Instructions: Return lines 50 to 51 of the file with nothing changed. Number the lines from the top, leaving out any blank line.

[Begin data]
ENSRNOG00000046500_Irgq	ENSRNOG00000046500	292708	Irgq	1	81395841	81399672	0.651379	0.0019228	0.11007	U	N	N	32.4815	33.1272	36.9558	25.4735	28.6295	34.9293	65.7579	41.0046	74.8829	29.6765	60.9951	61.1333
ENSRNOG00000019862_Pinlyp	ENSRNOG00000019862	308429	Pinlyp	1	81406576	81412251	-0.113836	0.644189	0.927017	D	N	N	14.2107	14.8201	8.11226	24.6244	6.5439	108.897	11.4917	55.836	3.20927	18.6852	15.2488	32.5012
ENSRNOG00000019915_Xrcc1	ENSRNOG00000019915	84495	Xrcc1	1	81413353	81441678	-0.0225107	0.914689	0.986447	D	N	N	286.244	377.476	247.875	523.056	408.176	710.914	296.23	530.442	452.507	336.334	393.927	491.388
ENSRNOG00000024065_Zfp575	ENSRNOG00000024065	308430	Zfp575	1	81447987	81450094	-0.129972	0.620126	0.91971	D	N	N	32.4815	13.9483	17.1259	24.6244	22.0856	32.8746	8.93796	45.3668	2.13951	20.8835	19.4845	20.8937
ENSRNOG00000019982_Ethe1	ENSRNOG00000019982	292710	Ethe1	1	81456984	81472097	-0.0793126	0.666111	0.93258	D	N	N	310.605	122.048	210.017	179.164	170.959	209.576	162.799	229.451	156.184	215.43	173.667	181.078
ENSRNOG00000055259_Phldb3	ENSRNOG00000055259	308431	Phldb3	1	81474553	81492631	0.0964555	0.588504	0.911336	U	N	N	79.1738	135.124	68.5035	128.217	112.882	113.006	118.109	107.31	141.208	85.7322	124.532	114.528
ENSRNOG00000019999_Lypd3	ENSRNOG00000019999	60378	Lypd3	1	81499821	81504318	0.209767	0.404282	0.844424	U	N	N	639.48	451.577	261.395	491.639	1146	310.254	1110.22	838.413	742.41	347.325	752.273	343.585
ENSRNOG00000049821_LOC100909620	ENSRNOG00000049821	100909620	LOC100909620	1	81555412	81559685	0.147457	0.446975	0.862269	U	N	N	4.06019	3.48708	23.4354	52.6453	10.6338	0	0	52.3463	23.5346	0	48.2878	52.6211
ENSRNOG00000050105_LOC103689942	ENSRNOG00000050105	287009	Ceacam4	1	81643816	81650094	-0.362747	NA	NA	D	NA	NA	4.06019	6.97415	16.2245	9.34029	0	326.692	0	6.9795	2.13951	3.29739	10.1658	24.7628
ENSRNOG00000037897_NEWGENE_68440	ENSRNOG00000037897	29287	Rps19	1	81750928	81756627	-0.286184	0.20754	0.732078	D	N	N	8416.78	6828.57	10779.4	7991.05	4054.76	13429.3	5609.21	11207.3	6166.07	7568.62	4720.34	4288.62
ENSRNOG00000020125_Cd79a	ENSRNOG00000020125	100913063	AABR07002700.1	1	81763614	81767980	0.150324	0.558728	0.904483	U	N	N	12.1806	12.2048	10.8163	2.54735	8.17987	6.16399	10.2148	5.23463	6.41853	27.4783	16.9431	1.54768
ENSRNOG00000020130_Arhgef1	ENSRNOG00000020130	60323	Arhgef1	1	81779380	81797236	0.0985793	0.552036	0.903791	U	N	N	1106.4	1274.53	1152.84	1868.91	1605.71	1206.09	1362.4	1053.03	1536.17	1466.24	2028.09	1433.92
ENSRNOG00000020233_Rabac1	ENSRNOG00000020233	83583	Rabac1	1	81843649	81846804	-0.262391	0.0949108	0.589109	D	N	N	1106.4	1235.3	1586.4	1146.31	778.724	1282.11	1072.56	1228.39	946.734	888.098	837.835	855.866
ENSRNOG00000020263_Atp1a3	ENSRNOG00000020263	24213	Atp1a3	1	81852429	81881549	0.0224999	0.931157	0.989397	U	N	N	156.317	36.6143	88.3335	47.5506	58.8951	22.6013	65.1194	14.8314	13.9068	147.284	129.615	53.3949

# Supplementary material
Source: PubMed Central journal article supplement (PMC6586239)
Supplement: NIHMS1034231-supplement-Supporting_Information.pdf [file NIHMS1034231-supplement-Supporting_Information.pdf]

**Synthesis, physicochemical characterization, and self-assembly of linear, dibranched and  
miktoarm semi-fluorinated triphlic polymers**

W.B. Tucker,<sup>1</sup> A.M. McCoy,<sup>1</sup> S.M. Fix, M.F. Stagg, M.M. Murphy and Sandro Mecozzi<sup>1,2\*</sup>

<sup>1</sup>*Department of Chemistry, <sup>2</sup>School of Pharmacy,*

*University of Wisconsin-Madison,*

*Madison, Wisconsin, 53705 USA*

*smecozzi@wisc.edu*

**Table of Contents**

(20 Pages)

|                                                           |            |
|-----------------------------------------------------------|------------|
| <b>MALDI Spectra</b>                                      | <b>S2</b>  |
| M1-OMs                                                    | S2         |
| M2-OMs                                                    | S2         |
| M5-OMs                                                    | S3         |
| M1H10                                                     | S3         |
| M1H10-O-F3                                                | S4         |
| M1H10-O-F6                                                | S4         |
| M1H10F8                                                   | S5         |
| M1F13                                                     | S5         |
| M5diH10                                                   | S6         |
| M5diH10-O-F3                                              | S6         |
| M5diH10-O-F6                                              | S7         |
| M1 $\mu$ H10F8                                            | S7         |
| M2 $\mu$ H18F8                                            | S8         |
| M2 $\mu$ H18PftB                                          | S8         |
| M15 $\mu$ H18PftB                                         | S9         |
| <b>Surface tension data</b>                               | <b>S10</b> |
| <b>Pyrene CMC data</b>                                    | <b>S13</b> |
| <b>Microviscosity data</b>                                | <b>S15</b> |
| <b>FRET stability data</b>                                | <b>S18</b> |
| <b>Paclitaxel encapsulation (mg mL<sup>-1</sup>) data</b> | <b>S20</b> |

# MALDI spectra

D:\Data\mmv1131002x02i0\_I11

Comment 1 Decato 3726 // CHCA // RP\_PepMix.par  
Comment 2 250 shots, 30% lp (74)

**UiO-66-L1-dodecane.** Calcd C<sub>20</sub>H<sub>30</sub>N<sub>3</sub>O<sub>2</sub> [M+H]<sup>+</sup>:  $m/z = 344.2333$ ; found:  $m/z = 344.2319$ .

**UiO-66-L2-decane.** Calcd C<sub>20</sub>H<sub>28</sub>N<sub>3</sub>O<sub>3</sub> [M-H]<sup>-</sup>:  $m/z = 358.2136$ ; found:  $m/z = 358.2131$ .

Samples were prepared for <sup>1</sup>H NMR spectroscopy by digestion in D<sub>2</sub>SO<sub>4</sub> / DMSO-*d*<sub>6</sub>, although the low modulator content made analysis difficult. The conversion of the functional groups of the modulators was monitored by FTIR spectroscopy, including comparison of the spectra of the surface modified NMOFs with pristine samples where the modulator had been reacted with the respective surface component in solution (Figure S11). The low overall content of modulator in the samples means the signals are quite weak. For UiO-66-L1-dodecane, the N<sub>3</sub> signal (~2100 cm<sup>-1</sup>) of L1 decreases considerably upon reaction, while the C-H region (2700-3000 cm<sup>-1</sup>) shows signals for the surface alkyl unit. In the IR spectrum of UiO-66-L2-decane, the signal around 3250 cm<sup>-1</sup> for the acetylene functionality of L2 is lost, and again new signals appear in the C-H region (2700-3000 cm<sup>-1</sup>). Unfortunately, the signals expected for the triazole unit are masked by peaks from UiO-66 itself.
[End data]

# MALDI spectra

D:\Data\mmv1131002x02i0\_I11